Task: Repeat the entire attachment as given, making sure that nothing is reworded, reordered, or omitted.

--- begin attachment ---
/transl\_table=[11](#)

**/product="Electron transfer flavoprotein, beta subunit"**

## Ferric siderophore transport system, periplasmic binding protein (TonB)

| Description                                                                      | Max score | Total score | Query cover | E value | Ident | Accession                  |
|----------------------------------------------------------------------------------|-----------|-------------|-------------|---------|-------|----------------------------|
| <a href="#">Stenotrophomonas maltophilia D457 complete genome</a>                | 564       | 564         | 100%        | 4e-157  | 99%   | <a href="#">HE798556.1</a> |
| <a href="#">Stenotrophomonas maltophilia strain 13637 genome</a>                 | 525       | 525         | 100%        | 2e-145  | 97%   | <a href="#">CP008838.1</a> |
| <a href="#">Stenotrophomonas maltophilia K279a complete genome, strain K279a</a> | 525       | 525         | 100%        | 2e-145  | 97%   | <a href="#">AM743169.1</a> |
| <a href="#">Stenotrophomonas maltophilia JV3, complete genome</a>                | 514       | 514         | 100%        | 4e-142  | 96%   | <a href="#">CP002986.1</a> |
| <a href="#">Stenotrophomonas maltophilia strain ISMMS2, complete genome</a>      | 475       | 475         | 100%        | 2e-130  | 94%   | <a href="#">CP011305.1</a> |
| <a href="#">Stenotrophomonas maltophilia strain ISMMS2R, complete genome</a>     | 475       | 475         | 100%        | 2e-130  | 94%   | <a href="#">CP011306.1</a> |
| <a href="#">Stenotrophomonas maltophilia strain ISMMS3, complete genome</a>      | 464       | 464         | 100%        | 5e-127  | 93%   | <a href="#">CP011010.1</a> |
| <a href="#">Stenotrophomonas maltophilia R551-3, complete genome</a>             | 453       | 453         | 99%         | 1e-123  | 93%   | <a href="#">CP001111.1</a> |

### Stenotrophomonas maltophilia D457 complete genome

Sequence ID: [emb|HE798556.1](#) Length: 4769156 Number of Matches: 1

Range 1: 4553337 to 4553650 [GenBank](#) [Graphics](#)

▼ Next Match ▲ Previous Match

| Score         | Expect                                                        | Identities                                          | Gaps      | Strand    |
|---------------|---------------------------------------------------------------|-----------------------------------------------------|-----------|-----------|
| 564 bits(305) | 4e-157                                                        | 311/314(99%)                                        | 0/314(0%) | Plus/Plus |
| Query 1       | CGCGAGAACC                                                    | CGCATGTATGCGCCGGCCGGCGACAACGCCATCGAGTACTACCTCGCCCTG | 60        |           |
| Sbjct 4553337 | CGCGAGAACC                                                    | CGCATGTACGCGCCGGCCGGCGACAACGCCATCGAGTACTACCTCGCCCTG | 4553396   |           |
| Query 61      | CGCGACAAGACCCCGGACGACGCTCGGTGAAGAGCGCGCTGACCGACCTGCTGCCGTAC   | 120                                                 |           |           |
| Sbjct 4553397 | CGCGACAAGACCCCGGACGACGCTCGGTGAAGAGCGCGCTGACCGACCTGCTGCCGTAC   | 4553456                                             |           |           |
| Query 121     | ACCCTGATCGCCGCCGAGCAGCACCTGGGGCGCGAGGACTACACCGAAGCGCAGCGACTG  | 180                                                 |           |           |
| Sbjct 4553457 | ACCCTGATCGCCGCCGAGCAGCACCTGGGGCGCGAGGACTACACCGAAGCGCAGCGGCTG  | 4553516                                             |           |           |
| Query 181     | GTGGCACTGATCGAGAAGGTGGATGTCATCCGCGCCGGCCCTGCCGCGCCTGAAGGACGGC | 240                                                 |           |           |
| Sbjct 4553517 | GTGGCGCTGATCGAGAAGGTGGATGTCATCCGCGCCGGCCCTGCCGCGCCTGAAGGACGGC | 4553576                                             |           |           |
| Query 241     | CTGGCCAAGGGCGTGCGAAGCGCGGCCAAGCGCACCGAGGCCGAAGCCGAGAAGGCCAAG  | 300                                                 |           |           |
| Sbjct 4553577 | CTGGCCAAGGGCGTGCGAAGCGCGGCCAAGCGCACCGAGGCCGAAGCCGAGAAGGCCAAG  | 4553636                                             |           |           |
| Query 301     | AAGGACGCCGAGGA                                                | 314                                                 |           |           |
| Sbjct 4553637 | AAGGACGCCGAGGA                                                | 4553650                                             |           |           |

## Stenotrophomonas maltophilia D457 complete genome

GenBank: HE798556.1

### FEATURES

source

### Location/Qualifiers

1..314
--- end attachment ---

/transl\_table=[11](#)

**/product="Electron transfer flavoprotein, beta subunit"**

## Ferric siderophore transport system, periplasmic binding protein (TonB)

| Description                                                                      | Max score | Total score | Query cover | E value | Ident | Accession                  |
|----------------------------------------------------------------------------------|-----------|-------------|-------------|---------|-------|----------------------------|
| <a href="#">Stenotrophomonas maltophilia D457 complete genome</a>                | 564       | 564         | 100%        | 4e-157  | 99%   | <a href="#">HE798556.1</a> |
| <a href="#">Stenotrophomonas maltophilia strain 13637 genome</a>                 | 525       | 525         | 100%        | 2e-145  | 97%   | <a href="#">CP008838.1</a> |
| <a href="#">Stenotrophomonas maltophilia K279a complete genome, strain K279a</a> | 525       | 525         | 100%        | 2e-145  | 97%   | <a href="#">AM743169.1</a> |
| <a href="#">Stenotrophomonas maltophilia JV3, complete genome</a>                | 514       | 514         | 100%        | 4e-142  | 96%   | <a href="#">CP002986.1</a> |
| <a href="#">Stenotrophomonas maltophilia strain ISMMS2, complete genome</a>      | 475       | 475         | 100%        | 2e-130  | 94%   | <a href="#">CP011305.1</a> |
| <a href="#">Stenotrophomonas maltophilia strain ISMMS2R, complete genome</a>     | 475       | 475         | 100%        | 2e-130  | 94%   | <a href="#">CP011306.1</a> |
| <a href="#">Stenotrophomonas maltophilia strain ISMMS3, complete genome</a>      | 464       | 464         | 100%        | 5e-127  | 93%   | <a href="#">CP011010.1</a> |
| <a href="#">Stenotrophomonas maltophilia R551-3, complete genome</a>             | 453       | 453         | 99%         | 1e-123  | 93%   | <a href="#">CP001111.1</a> |

### Stenotrophomonas maltophilia D457 complete genome

Sequence ID: [emb|HE798556.1](#) Length: 4769156 Number of Matches: 1

Range 1: 4553337 to 4553650 [GenBank](#) [Graphics](#)

▼ Next Match ▲ Previous Match

| Score         | Expect                                                        | Identities                                          | Gaps      | Strand    |
|---------------|---------------------------------------------------------------|-----------------------------------------------------|-----------|-----------|
| 564 bits(305) | 4e-157                                                        | 311/314(99%)                                        | 0/314(0%) | Plus/Plus |
| Query 1       | CGCGAGAACC                                                    | CGCATGTATGCGCCGGCCGGCGACAACGCCATCGAGTACTACCTCGCCCTG | 60        |           |
| Sbjct 4553337 | CGCGAGAACC                                                    | CGCATGTACGCGCCGGCCGGCGACAACGCCATCGAGTACTACCTCGCCCTG | 4553396   |           |
| Query 61      | CGCGACAAGACCCCGGACGACGCTCGGTGAAGAGCGCGCTGACCGACCTGCTGCCGTAC   | 120                                                 |           |           |
| Sbjct 4553397 | CGCGACAAGACCCCGGACGACGCTCGGTGAAGAGCGCGCTGACCGACCTGCTGCCGTAC   | 4553456                                             |           |           |
| Query 121     | ACCCTGATCGCCGCCGAGCAGCACCTGGGGCGCGAGGACTACACCGAAGCGCAGCGACTG  | 180                                                 |           |           |
| Sbjct 4553457 | ACCCTGATCGCCGCCGAGCAGCACCTGGGGCGCGAGGACTACACCGAAGCGCAGCGGCTG  | 4553516                                             |           |           |
| Query 181     | GTGGCACTGATCGAGAAGGTGGATGTCATCCGCGCCGGCCCTGCCGCGCCTGAAGGACGGC | 240                                                 |           |           |
| Sbjct 4553517 | GTGGCGCTGATCGAGAAGGTGGATGTCATCCGCGCCGGCCCTGCCGCGCCTGAAGGACGGC | 4553576                                             |           |           |
| Query 241     | CTGGCCAAGGGCGTGCGAAGCGCGGCCAAGCGCACCGAGGCCGAAGCCGAGAAGGCCAAG  | 300                                                 |           |           |
| Sbjct 4553577 | CTGGCCAAGGGCGTGCGAAGCGCGGCCAAGCGCACCGAGGCCGAAGCCGAGAAGGCCAAG  | 4553636                                             |           |           |
| Query 301     | AAGGACGCCGAGGA                                                | 314                                                 |           |           |
| Sbjct 4553637 | AAGGACGCCGAGGA                                                | 4553650                                             |           |           |

## Stenotrophomonas maltophilia D457 complete genome

GenBank: HE798556.1

### FEATURES

source

### Location/Qualifiers

1..314